Simply put if the managers do not model learning behavior, their staff presume that learning is not valued.

Apropos of which are the 28.7% who thought their managers did not “make a visible effort to improve their own knowledge and skills” and the 33% that couldn’t tell.

If you don’t fix this in your organization you had better like high staff turnover, low levels of discretionary effort and under-performing morose staff, because you are going to have a whole heap of it!


It doesn’t take a genius to figure out that teamwork makes the difference between success and failure, and that when it comes to knowledge, sharing behavior is a critical component of achieving that end goal of maximizing shareholder value.

That is why it is alarming to see that while 61% feel at ease to access others in the organization for help and guidance, the same percentage feel that it isn’t true that “Knowledge-sharing is incorporated in the regular staff performance reviews”

So let’s get this right, we think it is important, our people want to do it, but we don’t make it part of how people are measured?
If your performance reviews don’t measure behavior that you definitely want, then what exactly is the point of a performance review?

HR, are you awake?

Organizational Assets

Here’s an IQ test: your company relies on some fancy factory equipment that costs about $100k a year in lease and maintenance and you have several hundred of these machines but don’t keep track of what they are and what they can do.
Is this a company that is going to survive over the long term?

Well over 60% report that their firms do not maintain “a current database of knowledge and skills of all employees”
Ok, so let’s get this straight, the assets that account for about 80% of a company’s value and we are in the dark about their location or capabilities?

HR, are you awake?

Organizational Learning

This one gets interesting.

Although the vast bulk of innovation and growth comes from learning from mistakes, 50% of respondents say their firms do not treat mistakes as learning opportunities and a further 22.2% don’t know, 50% also say that they focus on fixing low performance rather than replicating high performance, and to cap it all 55.5% report that each time their team encounters a problem, they seem to start from scratch to solve it, with the balance reporting that they feel only somewhat that they learnt from previous experiences.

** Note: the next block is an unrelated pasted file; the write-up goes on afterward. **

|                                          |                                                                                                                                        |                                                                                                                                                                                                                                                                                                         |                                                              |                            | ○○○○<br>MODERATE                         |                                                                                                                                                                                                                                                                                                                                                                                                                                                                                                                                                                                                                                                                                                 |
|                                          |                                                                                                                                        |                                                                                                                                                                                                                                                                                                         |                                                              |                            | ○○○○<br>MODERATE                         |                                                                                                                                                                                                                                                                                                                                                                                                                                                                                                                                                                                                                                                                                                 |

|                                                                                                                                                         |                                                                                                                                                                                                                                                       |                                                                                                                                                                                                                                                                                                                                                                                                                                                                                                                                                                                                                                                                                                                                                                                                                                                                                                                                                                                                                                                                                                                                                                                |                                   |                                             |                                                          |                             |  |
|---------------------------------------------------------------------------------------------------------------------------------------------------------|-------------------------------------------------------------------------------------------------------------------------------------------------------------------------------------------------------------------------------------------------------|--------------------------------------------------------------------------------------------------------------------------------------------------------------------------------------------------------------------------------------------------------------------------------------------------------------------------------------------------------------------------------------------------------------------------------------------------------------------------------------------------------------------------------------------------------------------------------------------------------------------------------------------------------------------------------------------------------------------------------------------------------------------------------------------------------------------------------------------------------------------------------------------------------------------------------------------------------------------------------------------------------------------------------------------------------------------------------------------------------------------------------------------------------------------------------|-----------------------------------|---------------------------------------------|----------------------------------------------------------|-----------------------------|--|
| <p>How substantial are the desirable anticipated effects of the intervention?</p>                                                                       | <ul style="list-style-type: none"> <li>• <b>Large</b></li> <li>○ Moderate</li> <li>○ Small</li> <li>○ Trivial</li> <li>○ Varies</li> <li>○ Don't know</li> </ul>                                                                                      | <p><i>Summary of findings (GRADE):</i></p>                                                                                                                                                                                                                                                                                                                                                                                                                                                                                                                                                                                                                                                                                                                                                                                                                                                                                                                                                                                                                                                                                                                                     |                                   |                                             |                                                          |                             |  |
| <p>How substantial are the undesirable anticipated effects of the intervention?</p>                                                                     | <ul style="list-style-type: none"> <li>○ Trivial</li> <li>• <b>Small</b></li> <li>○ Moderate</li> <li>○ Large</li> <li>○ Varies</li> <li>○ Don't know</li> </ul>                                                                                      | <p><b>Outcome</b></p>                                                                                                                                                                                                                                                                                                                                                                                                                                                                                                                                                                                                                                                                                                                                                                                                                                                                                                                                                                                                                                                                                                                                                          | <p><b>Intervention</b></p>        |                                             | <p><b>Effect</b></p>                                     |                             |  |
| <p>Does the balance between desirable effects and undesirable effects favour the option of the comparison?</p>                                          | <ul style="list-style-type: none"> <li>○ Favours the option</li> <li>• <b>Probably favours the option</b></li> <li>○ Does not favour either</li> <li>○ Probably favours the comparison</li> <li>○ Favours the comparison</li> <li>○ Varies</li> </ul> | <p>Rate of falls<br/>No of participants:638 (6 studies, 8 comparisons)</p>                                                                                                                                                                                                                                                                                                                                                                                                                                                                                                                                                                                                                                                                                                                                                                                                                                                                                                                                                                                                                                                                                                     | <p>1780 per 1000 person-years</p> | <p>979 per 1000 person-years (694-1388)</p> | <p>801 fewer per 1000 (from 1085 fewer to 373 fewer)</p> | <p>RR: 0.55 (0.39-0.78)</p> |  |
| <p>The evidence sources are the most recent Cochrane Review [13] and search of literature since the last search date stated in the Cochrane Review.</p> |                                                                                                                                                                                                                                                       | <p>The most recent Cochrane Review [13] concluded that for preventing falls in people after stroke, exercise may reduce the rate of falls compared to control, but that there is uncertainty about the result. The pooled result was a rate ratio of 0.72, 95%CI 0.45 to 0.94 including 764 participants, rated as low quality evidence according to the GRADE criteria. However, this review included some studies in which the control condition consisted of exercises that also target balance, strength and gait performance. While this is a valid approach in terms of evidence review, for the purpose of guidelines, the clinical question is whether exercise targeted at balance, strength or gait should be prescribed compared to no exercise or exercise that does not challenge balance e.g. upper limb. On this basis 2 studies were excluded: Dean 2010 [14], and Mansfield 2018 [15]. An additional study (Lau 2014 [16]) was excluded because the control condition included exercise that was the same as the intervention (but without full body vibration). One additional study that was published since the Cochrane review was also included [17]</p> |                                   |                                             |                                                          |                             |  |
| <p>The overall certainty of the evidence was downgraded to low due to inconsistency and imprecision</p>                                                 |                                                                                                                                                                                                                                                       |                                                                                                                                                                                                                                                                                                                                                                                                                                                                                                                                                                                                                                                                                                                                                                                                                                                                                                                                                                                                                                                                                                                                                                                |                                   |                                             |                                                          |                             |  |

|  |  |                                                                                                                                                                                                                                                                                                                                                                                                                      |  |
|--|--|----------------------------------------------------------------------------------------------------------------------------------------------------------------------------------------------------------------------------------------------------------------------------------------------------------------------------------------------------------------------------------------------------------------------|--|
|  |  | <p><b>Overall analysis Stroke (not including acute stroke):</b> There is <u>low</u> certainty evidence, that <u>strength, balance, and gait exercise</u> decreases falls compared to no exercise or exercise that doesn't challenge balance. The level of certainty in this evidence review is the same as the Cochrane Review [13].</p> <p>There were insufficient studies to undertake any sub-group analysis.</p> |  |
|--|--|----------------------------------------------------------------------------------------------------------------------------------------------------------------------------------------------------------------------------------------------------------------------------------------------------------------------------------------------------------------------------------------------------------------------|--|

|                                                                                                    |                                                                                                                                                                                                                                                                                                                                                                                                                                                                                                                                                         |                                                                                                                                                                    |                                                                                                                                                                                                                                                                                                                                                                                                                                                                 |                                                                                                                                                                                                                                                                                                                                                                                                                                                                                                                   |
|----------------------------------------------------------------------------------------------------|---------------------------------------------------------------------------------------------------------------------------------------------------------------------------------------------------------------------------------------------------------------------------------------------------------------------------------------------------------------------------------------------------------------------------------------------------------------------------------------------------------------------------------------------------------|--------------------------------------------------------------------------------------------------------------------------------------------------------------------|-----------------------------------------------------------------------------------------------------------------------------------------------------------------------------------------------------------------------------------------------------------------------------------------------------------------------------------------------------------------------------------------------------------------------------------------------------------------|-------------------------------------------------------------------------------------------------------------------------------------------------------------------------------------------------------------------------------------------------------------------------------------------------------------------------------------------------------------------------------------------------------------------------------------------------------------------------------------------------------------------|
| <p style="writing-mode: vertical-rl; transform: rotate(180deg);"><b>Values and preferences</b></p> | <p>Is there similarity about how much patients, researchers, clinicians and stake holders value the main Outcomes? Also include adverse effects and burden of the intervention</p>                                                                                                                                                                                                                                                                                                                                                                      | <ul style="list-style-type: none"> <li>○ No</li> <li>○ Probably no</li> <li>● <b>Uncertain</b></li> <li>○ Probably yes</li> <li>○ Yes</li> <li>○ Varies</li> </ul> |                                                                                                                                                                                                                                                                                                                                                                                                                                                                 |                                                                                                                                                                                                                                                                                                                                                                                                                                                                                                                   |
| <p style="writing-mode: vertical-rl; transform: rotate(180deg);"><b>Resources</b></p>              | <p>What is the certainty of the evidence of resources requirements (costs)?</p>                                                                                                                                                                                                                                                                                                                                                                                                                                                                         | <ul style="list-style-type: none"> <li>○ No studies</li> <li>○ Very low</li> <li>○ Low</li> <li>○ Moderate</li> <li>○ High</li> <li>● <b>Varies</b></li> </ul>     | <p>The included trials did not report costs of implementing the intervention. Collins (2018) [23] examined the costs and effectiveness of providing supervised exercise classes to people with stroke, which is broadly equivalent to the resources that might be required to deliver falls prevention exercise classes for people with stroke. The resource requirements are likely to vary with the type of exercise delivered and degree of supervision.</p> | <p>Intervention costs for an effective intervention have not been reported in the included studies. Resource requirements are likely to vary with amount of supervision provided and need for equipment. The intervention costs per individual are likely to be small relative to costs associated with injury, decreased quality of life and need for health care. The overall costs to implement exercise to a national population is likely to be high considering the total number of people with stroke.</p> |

Put that into perspective with the 72% that feel that their firms celebrate “the Superman who saves the day rather than the person who prevents a situation in the first place” and you have a picture of an organization that doesn’t learn or even know what to learn from, reinvents the wheel constantly, and then celebrates disasters.
Remember, you get more of what you celebrate, so if you make a big fuss of people doing heroic things rather than preventing the need for heroism, you will get more occasions that are a crisis and require a hero.
If you ever get the feeling that your company seems to lurch from one disaster to the next, this is probably why.

Work Health & Safety

With over 60% reporting that their work environment was characterized by “interruptions, noises or other distractions” you have accidents waiting to happen, low productivity, high stress, and of course, higher costs.
Research into medical mistakes shows that a huge proportion can be laid at the door of interruptions, and I have no doubt that the same applies to other fields and activities.

HR, are you awake?

Now that you are feeling depressed, you might wonder if there was any good news.

The Good News

Firstly, people seem to be experts in what they do, with over 80% reporting that they regard themselves as an expert in their subject domain, 78% know who the other experts are in the organization, over 60% make the effort during breaks to discuss their work with others, and 50% report that they get good ideas from customers and business partners.
Furthermore, not only are 68% passionate about what their organization is trying to do, but 89% say that having specialized knowledge has cachet in their organization.
Over 77% say that they keep up to date with what goes on in their area of expertise and also regularly attend external seminars and events in that regard, while over 60% go as far as presenting papers or delivering addresses in public on their subject area.
Nearly 80% indicate that they feel at ease in asking for clarification in the event that somebody in the firm said something they didn’t understand, which truly is a triumph of culture.

Of course this is somewhat offset by the fact that 60% also think that doing your job well means not having to care about what goes on in the rest of the company and 56% think that in their teams if something works ok there is no need to experiment to make it better – a surefire way to become obsolescent by embracing creeping conservatism, and it also means that 20% feel inexpert at what they do, 22% don’t know who the experts are, 40% make little effort to talk about what they do, and a stunning 50% don’t see customers as sources of knowledge.